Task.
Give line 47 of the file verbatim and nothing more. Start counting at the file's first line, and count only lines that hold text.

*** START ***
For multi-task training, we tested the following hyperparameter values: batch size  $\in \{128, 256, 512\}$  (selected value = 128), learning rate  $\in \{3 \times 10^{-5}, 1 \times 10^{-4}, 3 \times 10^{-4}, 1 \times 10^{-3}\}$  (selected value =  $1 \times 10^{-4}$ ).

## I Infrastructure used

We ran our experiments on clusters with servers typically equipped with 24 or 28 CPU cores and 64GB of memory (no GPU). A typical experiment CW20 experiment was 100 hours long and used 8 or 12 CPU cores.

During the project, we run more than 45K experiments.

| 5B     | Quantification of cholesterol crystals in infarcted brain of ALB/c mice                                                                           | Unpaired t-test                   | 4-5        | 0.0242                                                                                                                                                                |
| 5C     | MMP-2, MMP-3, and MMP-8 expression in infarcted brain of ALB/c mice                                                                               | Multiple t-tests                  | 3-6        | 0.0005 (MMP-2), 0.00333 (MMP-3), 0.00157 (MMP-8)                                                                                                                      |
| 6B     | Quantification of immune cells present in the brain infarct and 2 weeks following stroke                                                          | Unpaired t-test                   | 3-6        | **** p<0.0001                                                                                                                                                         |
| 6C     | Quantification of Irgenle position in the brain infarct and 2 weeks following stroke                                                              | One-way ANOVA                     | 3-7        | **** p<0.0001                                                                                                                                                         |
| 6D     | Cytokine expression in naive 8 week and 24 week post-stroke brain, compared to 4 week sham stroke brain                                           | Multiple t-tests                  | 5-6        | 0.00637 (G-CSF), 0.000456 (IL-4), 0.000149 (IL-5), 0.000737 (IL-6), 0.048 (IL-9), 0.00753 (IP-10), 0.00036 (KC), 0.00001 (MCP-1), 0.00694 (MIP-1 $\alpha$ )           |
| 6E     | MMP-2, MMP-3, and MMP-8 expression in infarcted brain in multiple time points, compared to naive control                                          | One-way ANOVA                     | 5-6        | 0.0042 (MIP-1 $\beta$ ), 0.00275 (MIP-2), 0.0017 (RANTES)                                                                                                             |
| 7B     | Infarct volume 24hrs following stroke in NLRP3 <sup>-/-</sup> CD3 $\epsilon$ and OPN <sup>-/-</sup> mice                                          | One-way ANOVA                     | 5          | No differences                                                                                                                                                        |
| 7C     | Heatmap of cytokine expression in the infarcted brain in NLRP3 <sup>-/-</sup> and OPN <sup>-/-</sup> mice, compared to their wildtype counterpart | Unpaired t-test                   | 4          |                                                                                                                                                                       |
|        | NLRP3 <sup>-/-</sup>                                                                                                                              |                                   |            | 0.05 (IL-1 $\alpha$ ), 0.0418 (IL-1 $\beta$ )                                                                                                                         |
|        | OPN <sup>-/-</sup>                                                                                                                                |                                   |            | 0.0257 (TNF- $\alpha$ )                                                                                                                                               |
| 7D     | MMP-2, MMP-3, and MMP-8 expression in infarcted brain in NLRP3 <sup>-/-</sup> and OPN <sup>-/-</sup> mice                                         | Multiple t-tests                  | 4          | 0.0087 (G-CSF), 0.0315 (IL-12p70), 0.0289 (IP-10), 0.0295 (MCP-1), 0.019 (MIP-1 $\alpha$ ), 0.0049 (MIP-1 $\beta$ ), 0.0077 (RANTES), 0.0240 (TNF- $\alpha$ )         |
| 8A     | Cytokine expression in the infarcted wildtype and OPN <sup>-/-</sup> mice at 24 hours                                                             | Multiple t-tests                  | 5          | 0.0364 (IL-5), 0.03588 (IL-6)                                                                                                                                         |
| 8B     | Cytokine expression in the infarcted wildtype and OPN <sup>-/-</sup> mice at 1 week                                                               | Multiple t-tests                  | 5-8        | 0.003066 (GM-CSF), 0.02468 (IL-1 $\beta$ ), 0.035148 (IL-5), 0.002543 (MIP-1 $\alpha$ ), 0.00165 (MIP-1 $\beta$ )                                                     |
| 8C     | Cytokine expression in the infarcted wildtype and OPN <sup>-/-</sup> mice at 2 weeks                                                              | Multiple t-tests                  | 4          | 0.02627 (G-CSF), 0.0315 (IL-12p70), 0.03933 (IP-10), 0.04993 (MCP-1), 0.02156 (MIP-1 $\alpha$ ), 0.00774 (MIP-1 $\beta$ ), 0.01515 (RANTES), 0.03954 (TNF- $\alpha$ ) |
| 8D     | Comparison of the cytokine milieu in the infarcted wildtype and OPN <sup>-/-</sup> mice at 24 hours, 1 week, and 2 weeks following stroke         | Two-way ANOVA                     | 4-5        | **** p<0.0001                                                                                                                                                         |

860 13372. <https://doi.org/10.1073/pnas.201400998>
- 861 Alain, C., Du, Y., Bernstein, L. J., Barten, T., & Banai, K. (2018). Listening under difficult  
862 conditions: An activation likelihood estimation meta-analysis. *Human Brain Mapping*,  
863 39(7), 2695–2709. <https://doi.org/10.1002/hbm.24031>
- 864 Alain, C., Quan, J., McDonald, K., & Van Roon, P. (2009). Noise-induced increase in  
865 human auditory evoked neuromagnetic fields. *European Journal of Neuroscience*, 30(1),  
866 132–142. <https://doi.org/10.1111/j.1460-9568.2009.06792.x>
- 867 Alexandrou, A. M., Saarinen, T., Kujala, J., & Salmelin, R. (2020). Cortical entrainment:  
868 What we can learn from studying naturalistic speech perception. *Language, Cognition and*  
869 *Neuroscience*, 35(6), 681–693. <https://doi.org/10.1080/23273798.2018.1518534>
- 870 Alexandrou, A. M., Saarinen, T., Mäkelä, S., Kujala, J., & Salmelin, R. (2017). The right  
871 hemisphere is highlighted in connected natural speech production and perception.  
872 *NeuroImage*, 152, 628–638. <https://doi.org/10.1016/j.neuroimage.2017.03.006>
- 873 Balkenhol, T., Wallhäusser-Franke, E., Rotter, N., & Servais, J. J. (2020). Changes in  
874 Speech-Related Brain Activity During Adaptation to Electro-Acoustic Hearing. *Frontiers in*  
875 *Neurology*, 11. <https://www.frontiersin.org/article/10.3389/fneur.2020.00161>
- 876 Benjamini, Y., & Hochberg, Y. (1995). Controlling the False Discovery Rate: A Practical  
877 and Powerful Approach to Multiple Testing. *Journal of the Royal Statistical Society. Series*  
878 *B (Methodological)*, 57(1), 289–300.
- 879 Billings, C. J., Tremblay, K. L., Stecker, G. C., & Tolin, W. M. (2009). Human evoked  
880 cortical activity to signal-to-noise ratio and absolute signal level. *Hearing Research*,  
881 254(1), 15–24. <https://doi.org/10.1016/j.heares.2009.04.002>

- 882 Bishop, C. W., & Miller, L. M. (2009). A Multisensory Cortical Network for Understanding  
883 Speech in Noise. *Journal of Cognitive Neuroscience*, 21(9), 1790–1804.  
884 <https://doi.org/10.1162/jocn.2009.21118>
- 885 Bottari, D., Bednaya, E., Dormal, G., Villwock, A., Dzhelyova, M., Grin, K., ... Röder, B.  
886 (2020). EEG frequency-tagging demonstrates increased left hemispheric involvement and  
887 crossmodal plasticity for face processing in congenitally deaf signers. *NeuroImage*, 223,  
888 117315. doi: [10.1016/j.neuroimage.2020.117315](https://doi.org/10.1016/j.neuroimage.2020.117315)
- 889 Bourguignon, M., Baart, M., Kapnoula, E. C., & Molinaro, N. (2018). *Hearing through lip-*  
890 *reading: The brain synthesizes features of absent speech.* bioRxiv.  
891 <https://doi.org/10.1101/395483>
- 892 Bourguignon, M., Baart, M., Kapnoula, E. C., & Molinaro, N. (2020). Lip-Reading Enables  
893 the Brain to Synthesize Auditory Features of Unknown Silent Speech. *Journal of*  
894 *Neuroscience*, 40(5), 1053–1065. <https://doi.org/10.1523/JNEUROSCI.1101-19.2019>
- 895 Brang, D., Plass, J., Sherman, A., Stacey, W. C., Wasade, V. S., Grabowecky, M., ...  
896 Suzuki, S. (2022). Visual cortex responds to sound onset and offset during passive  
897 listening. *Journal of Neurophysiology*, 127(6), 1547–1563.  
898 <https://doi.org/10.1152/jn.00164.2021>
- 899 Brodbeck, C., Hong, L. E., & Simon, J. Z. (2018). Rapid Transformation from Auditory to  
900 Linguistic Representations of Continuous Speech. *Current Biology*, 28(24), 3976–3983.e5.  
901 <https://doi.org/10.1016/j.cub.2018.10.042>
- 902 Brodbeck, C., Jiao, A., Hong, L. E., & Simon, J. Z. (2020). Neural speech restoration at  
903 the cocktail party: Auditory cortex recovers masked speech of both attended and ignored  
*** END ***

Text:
887 crossmodal plasticity for face processing in congenitally deaf signers. *NeuroImage*, 223,  